# Theodore in Ios

Arrival in Ios – Thursday 24th April 1884

After kicking their heels for 2 days in Santorini, waiting for the steamer to arrrive which would take them to Ios, Theodore and Mabel finally left Santorini at 05:45 for a very rough, 2-hour crossing to the island of Ios.

The Panellinion
The Panellinion

THOUGH we had the very worst steamer of the Hellenic Company to take us to Ios, yet it was a steamer that all who travel thereon treat with respect, for it was none other than the Panhellenion, which ran the blockade in the late Cretan revolution, and carried assistance to the Greeks struggling for freedom. A very little sentiment of this kind goes a long way on a rolling sea, and, despite the celebrity of our craft, we were thankful to leave her when she entered the capacious harbour of Ios

The "capacious harbour of Ios"
The “capacious harbour of Ios”

The Lorentziadis Family

As happened often on the Bents’ journeys around the islands, Theodore and Mabel arrived in Ios armed with a letter of introduction to the demarch, whose family showed them great hospitality:

. . . never in all our wanderings did we meet with a family so genial and gay as the Lorenziades. One brother was demarch, another ex-demarch, and a third the schoolmaster; and the ex-demarch had three charming daughters — Marousa, Ekaterina, and Callirhoë — who administered tenderly to our wants, and saw to the fitting up of an empty house where we were to sleep during our stay, whilst meals were provided for us at the ex-demarch’s house.

Theodore omits to tell us the names of the brothers but, from our researches, we’ve learned that the demarch’s name was Michalis, the ex-demarch Lorentzos, and the schoolmaster was Louis (Loudovikos). Lorentzos, in addition to the three daughters, Marousa, Ekaterina, and Callirhoë, had two sons, Stefanos and Spyros (Spyridon). Neither Theodore nor Mabel mention the two sons in their writings, although Mabel does add “There were at least 6 more people”.

Ekaterina’s costume

The Lorentziadis family proudly showed them the sights of the island and the girls entertained them with stories of the games that the local maidens would play in their pursuit of romance. One night, the Bents were regaled with a display of the island costume by a beautiful young lady who turned out to be Ekaterina.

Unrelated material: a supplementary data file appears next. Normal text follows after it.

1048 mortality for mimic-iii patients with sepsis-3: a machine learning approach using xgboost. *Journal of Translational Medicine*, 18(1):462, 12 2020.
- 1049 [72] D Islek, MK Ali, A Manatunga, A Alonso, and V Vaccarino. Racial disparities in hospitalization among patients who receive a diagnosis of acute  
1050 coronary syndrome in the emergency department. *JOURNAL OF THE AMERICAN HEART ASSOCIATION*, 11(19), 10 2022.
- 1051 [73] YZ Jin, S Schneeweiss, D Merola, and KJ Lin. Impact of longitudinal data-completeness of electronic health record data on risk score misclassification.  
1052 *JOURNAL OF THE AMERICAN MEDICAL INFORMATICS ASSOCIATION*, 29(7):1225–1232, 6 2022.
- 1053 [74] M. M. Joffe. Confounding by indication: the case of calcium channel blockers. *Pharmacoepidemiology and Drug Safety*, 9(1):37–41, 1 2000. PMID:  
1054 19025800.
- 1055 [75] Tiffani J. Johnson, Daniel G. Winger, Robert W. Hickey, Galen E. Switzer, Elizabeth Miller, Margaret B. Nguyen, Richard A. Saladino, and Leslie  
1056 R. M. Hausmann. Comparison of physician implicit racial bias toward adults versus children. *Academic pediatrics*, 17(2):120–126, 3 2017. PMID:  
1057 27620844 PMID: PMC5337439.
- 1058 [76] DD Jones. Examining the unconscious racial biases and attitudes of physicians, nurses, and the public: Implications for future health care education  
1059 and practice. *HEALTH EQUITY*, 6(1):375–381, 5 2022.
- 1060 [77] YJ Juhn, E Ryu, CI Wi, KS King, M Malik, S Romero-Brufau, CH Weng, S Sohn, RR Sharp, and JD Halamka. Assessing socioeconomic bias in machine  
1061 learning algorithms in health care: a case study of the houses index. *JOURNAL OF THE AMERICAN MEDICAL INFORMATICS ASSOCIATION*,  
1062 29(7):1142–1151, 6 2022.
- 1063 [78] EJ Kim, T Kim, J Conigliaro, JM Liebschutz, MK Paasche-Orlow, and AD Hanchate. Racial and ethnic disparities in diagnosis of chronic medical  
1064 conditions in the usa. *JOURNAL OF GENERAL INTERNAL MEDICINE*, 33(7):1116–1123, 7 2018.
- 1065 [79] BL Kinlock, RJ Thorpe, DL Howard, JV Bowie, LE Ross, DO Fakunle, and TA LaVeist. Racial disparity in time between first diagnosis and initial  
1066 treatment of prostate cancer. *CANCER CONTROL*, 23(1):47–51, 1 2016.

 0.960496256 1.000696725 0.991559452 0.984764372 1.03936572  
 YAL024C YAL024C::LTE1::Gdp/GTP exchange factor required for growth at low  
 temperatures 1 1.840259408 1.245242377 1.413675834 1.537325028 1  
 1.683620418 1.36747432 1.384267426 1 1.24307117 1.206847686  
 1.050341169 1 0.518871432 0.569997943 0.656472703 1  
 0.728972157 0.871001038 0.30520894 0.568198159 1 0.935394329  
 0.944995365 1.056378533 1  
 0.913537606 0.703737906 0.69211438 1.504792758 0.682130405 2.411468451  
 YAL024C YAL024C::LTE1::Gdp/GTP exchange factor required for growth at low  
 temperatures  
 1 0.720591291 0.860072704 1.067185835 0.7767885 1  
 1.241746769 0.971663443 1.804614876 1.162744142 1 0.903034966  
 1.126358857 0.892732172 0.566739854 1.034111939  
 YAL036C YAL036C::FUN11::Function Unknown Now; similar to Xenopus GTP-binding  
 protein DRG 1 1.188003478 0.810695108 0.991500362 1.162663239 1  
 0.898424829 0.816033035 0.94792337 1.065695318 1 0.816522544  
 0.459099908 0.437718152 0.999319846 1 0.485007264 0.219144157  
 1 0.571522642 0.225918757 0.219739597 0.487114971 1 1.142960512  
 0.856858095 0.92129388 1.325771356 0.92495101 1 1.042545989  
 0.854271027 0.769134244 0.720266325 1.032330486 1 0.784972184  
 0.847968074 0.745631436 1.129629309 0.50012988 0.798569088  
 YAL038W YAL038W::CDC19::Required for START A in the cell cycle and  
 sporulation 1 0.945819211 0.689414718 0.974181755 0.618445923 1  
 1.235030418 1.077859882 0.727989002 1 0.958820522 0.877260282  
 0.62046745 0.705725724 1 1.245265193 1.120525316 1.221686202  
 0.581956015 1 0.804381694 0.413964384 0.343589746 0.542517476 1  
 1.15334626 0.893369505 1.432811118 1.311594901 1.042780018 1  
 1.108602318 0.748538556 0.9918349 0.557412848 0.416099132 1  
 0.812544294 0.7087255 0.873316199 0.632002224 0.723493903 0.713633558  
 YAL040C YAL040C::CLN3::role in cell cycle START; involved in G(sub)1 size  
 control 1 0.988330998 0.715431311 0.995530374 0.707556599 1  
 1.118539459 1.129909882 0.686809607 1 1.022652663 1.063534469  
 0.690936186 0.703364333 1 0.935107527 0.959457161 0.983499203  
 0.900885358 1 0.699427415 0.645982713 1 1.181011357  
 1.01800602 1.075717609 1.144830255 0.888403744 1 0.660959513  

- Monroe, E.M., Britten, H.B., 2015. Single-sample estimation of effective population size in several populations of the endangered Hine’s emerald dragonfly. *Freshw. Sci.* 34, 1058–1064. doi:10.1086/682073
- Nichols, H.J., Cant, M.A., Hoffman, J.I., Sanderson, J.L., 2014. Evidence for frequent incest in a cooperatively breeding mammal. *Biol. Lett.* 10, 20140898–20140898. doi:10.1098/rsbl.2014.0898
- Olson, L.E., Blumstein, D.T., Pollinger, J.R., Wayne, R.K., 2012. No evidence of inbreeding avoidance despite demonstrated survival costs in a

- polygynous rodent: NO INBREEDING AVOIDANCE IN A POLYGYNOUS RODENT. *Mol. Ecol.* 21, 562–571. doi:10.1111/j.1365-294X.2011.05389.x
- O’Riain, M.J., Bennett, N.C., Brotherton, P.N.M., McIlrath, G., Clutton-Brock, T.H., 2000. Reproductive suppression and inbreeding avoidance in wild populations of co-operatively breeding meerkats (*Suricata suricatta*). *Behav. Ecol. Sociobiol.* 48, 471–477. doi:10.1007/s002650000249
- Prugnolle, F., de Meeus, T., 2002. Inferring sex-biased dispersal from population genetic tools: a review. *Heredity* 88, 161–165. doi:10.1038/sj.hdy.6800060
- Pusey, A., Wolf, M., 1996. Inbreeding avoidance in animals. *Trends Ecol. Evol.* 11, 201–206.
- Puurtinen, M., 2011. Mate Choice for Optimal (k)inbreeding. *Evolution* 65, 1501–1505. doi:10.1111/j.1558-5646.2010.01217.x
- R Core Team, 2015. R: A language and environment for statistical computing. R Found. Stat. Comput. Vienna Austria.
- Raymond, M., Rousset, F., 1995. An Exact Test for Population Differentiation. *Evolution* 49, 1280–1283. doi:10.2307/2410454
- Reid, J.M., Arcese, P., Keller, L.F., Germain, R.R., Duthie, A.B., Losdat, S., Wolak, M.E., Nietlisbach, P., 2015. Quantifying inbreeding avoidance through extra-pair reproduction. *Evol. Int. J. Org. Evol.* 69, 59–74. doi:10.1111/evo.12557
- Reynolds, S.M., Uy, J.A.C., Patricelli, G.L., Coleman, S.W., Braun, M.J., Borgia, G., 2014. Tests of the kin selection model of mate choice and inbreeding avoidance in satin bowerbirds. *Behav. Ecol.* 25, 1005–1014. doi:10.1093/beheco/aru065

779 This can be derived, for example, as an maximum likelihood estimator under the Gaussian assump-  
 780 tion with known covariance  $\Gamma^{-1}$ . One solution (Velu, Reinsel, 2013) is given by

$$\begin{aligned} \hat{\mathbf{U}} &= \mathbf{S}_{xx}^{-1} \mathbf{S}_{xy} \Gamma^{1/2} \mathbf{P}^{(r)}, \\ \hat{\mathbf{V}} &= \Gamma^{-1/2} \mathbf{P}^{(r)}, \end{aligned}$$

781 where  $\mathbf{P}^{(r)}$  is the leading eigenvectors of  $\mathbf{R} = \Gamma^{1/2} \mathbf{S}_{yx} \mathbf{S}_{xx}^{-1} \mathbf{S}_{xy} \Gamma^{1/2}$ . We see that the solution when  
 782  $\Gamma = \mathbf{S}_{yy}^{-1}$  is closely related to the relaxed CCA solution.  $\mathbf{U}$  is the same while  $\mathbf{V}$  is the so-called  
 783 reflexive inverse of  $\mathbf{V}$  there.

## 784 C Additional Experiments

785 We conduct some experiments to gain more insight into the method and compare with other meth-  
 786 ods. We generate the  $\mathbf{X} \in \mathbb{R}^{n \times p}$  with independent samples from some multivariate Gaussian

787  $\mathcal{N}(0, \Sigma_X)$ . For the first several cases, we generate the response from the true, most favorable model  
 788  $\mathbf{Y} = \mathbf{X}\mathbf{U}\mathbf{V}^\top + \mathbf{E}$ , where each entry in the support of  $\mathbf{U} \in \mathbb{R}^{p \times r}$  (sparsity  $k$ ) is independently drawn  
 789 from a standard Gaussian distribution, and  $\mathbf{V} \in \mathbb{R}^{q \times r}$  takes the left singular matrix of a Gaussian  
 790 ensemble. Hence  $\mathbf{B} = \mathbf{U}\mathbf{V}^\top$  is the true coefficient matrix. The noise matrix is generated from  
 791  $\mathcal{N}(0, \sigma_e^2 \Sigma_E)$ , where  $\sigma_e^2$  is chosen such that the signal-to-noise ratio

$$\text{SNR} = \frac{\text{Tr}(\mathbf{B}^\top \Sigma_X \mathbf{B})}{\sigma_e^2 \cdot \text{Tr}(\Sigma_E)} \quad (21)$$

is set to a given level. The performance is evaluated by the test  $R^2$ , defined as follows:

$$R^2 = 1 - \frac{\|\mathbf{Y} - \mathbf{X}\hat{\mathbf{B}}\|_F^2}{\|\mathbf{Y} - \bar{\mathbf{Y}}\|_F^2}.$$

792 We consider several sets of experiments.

. . . a woman of surpassing beauty entered in the costume of Ios; her veil was bespattered with gold, with streamers which hung down behind it; in front of it was a sort of crown; her dress was of green and gold brocade. Over her heart was what we should call a stomacher, but the Greeks more polite an ésokardia; her feet were in dainty little shoes. Nothing could look more glorious than this woman, with perfect features, brilliant complexion, and rich dark hair. We stared at her in mute admiration. It was Ekaterina who was the original of this beautiful apparition

Sadly, we hear from V. C. Scott O’Connor in his book Isles of the Aegean, that, just a few years after Theodore and Mabel’s visit, Ekaterina tragically died aged just 22. The chance of her costume surviving for 130 years was almost negligible, but, survive it did. It was discovered by chance by a member of the Lorentziadis family, Spyros. Read about Ekaterina’s costume.

Goodbye to the family

The last we hear of the family from Theodore is when they leave Ios and the girls present them with parting gifts.

Marousa came with a lovely piece of red Cretan embroidery as a present, and her handkerchief full of pine nuts, that we might never forget her; Callirhoë gave us her pocket handkerchief full of sesame seeds; and Ekaterina wrote a touching little poem with the same intent. The three brothers and the three girls went down with us to the harbour, where our boat was waiting, bringing with them a fresh mysethra, wine, and figs for our journey.

Mabel writes, ucharacteristically warmly, in her chronicle:

We were really sorry to leave these kind people and they pressed us to stay but ‘the ship was ready and the wind blew fair and we were bound for the sea’.

What happened to the Lorentziadis family in the years that followed the Bents’ visit? Both tragedy and fortune played their hands and by 1927, when V. C. Scott O’Connor visited and wrote his book Isles of the Aegean, there were no direct descendents of the island’s First Family still living in Ios.

How could such a prominent and numerous family have disappeared from the island over the course of just 40 or so years? Read the intriguing story of the Lorentziadis family.

The Bents’ journeys in Ios

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